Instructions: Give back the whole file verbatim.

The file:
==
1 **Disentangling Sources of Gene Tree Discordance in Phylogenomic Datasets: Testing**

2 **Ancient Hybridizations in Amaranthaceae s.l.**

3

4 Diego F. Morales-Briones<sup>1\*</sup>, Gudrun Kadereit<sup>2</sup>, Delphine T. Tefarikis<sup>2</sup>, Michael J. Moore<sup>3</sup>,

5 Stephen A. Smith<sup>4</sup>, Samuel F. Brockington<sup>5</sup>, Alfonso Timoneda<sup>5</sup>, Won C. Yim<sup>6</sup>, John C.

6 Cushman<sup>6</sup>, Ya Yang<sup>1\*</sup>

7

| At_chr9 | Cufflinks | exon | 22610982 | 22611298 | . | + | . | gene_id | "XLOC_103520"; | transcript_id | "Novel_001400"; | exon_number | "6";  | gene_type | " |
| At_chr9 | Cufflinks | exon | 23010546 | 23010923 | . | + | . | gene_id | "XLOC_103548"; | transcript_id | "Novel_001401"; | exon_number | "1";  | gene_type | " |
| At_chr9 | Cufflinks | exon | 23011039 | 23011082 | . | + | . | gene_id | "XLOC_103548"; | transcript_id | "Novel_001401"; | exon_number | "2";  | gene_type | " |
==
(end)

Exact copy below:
1 **Disentangling Sources of Gene Tree Discordance in Phylogenomic Datasets: Testing**

2 **Ancient Hybridizations in Amaranthaceae s.l.**

3

4 Diego F. Morales-Briones<sup>1\*</sup>, Gudrun Kadereit<sup>2</sup>, Delphine T. Tefarikis<sup>2</sup>, Michael J. Moore<sup>3</sup>,

5 Stephen A. Smith<sup>4</sup>, Samuel F. Brockington<sup>5</sup>, Alfonso Timoneda<sup>5</sup>, Won C. Yim<sup>6</sup>, John C.

6 Cushman<sup>6</sup>, Ya Yang<sup>1\*</sup>

7

| At_chr9 | Cufflinks | exon | 22610982 | 22611298 | . | + | . | gene_id | "XLOC_103520"; | transcript_id | "Novel_001400"; | exon_number | "6";  | gene_type | " |
| At_chr9 | Cufflinks | exon | 23010546 | 23010923 | . | + | . | gene_id | "XLOC_103548"; | transcript_id | "Novel_001401"; | exon_number | "1";  | gene_type | " |
| At_chr9 | Cufflinks | exon | 23011039 | 23011082 | . | + | . | gene_id | "XLOC_103548"; | transcript_id | "Novel_001401"; | exon_number | "2";  | gene_type | " |